Buoyed by an uptick in financing from partnering deals, the US biotechnology industry reached a record high in private and public financing in 2009, but caution remains for 2010.
Last year was certainly a year of change for the US biotechnology industry. Although financing from venture capital declined slightly in 2009, hurting smaller and emerging companies, financing from initial public offerings (IPOs) and partnering deals were up compared with 2008 levels. In fact, private and public financing reached a record high in 2009. Analysts say some of these positive trends will continue in 2010, but caution that investors will remain selective and risk-adverse in their financing strategies.
2009: A mixed bag
The performance of the US biotechnology industry in 2009 mirrored in large measure the trends seen in broader capital markets, according to a recent analysis by Burrill & Company, a San Francisco-based private merchant banking and venture-capital firm. The industry’s stock values declined dramatically in the first quarter of 2009, and then improved beginning in the second quarter. Although not reaching the same percentage gains as the broader capital markets, the biotechnology industry did show overall positive stock valuations for 2009.
As of the end of 2009, The Dow Jones Industrial was up 19%. The Nasdaq increased 45%, and the S&P 500 index was up 24%, the strongest showing by the S&P since 2003, according to Burrill & Company. The Burrill Biotech Select Index, a price-weighted index tracking 20 blue-chip biotechnology companies, was up 4% in value in 2009.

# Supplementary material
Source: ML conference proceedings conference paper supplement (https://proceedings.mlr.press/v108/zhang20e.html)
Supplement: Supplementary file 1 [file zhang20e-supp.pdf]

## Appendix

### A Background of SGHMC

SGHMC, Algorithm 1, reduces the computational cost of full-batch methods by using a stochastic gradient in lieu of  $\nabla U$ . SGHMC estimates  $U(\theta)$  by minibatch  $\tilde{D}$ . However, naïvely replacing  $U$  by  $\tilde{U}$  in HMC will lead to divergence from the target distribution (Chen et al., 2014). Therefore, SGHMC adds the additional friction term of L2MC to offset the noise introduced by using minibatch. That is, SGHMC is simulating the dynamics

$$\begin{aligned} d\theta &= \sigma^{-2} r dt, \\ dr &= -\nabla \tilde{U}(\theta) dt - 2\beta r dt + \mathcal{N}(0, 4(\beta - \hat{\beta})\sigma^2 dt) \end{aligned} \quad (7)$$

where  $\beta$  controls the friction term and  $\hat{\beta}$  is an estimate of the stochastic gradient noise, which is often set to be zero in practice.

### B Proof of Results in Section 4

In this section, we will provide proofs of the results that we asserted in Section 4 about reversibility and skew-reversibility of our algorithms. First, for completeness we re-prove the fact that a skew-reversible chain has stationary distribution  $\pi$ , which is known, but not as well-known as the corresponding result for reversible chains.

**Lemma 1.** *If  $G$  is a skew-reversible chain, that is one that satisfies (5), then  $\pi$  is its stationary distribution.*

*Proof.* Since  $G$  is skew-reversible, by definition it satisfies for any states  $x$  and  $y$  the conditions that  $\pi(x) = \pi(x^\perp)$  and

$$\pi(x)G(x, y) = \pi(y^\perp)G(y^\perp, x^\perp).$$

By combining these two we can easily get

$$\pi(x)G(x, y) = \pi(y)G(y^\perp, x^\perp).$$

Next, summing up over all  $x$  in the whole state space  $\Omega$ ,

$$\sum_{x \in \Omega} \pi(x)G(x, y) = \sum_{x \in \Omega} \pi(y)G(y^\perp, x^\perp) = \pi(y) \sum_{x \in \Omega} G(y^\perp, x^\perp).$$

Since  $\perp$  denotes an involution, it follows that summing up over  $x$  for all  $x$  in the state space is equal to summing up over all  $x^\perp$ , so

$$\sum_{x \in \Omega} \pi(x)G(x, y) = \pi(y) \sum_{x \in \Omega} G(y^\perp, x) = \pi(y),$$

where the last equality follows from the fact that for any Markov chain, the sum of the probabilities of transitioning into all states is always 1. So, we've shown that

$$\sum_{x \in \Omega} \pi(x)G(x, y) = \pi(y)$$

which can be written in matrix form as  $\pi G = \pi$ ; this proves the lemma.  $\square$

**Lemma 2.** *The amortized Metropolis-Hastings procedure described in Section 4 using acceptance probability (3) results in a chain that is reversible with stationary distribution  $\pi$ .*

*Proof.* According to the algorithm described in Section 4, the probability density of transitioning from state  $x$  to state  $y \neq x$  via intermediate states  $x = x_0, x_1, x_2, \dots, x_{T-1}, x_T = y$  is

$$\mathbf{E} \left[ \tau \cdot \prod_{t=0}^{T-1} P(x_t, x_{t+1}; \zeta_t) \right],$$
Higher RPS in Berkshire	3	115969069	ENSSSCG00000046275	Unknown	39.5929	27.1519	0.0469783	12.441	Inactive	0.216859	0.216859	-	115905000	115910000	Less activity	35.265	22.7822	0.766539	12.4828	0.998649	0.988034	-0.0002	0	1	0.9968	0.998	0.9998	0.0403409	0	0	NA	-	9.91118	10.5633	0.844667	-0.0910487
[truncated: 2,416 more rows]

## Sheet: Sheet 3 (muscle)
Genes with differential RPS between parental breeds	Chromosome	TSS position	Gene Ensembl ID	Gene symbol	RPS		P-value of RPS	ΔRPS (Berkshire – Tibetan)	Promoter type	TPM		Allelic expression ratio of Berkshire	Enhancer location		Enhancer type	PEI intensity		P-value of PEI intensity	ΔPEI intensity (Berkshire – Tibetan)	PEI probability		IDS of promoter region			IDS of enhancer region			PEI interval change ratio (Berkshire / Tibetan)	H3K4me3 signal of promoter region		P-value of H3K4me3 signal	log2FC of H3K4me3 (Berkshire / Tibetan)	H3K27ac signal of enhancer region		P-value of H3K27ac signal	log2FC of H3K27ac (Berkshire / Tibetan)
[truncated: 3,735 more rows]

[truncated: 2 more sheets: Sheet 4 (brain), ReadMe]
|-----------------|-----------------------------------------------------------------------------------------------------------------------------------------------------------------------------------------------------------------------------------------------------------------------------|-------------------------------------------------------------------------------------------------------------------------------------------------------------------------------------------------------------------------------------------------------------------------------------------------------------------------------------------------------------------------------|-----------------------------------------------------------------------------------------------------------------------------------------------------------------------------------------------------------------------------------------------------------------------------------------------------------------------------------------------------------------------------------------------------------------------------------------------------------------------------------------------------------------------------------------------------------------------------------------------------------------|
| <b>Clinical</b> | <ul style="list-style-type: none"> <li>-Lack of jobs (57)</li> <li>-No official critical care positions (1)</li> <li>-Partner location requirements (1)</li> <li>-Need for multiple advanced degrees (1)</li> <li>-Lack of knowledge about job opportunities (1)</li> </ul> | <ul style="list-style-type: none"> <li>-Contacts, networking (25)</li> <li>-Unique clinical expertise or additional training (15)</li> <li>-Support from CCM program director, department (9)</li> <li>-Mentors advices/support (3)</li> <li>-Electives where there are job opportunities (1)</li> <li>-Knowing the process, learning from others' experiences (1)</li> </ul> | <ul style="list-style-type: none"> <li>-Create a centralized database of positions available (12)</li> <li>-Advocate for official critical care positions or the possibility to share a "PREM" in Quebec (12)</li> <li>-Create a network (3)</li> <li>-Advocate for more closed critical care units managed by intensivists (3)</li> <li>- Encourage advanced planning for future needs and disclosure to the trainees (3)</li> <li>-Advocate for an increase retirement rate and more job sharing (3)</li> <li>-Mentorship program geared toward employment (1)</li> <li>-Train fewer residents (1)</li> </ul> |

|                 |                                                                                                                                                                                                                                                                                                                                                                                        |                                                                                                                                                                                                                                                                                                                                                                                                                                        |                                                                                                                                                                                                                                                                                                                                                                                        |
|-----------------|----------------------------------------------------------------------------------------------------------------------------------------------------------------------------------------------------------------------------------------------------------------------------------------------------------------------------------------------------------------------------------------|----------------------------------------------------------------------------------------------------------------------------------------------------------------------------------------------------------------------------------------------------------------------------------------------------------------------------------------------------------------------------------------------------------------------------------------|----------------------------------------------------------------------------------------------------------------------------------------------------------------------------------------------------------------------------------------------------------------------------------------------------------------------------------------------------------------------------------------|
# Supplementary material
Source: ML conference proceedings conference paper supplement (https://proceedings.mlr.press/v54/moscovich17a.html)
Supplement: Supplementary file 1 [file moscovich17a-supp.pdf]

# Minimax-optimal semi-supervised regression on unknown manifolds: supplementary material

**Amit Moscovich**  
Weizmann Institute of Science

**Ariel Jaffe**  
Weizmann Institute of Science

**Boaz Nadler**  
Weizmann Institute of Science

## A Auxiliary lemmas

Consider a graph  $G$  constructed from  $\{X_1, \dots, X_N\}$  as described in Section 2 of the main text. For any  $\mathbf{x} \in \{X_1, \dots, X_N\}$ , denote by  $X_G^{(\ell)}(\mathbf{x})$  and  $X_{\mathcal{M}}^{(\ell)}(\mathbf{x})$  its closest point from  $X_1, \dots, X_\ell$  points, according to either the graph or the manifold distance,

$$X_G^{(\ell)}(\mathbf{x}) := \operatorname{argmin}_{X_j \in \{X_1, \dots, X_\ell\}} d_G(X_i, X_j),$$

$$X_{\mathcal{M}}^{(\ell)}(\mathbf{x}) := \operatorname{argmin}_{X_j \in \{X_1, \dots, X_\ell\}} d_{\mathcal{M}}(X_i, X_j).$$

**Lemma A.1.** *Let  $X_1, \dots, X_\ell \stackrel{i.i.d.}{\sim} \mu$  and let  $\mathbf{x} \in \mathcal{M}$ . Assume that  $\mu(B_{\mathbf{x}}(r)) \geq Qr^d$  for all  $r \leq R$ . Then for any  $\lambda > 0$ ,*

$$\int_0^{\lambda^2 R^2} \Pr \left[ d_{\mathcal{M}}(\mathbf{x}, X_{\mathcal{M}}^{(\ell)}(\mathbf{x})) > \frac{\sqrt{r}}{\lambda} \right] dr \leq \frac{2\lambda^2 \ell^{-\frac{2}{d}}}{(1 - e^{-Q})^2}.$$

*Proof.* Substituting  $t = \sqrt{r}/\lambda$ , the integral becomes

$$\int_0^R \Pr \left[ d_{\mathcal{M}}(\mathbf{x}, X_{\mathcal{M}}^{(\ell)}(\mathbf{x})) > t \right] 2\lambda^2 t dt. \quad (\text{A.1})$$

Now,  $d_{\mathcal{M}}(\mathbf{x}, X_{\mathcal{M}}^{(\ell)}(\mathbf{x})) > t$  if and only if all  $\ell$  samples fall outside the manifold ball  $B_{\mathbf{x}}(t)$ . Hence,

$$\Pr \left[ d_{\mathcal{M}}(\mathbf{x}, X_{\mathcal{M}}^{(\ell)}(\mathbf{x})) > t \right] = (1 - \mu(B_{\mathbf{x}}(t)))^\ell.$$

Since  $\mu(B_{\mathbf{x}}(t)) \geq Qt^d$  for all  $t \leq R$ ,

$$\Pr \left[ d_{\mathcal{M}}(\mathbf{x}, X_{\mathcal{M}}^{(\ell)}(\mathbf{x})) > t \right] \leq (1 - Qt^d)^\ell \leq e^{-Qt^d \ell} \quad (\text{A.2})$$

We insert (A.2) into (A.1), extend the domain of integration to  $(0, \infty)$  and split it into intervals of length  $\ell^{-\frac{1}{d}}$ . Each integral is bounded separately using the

"We have to thank a strong closing month for the Burrill Biotech Select Index, posting a strong 5% gain, as the reason for it finishing in the black at year end," said G. Steven Burrill, CEO of Burrill & Company, in a Jan. 4, 2010, press release. "The index's fourth quarter performance, by contrast, was lackluster as a consequence of residual investor nervousness about the relative strength of the economic recovery, fears over healthcare reform, and continuing concerns about a mounting backlog of drug approvals at the Food and Drug Administration,” he said. Also weighing down on the industry was the performance of some of the biotechnology majors in 2009, noted Burrill. The share values of Amgen (Thousand Oaks, CA) and Genzyme (Cambridge, MA) declined 1.7% and 26%, respectively for the year. According to Burrill, Amgen's shares declined in the fourth quarter of 2009 following FDA’s request for more information on the company’s potential osteoporosis treatment Prolia. Genzyme’s shares were affected as manufacturing problems slowed sales of Cerezyme, a drug to treat Gaucher disease.
Overall financing for the US biotechnology industry increased 85% in 2009 compared with 2008 levels. In 2009, public and private financing for the US biotechnology industry totaled $55.8 billion, a record high, and well above the $30.1 billion in 2008, according to Burrill & Company. "Partnering was on a tear through much of the year with the industry raising almost $37 billion in total deal value, a record for the industry. With $55 billion raised, this will go down in history as our industry's largest financing year, albeit during one of the most difficult financing environments ever," explained Burrill. "The message—when companies have to raise capital, companies do, even when the cost of capital is unfavorable. It also reflects the urgency that Big Pharma places on accessing biotech innovation as its patent cliff gets ever closer. The number of deals inked in the year is unprecedented. What did come as a surprise to many was that they did not acquire biotech companies at the rate that was predicted,” he said in the release.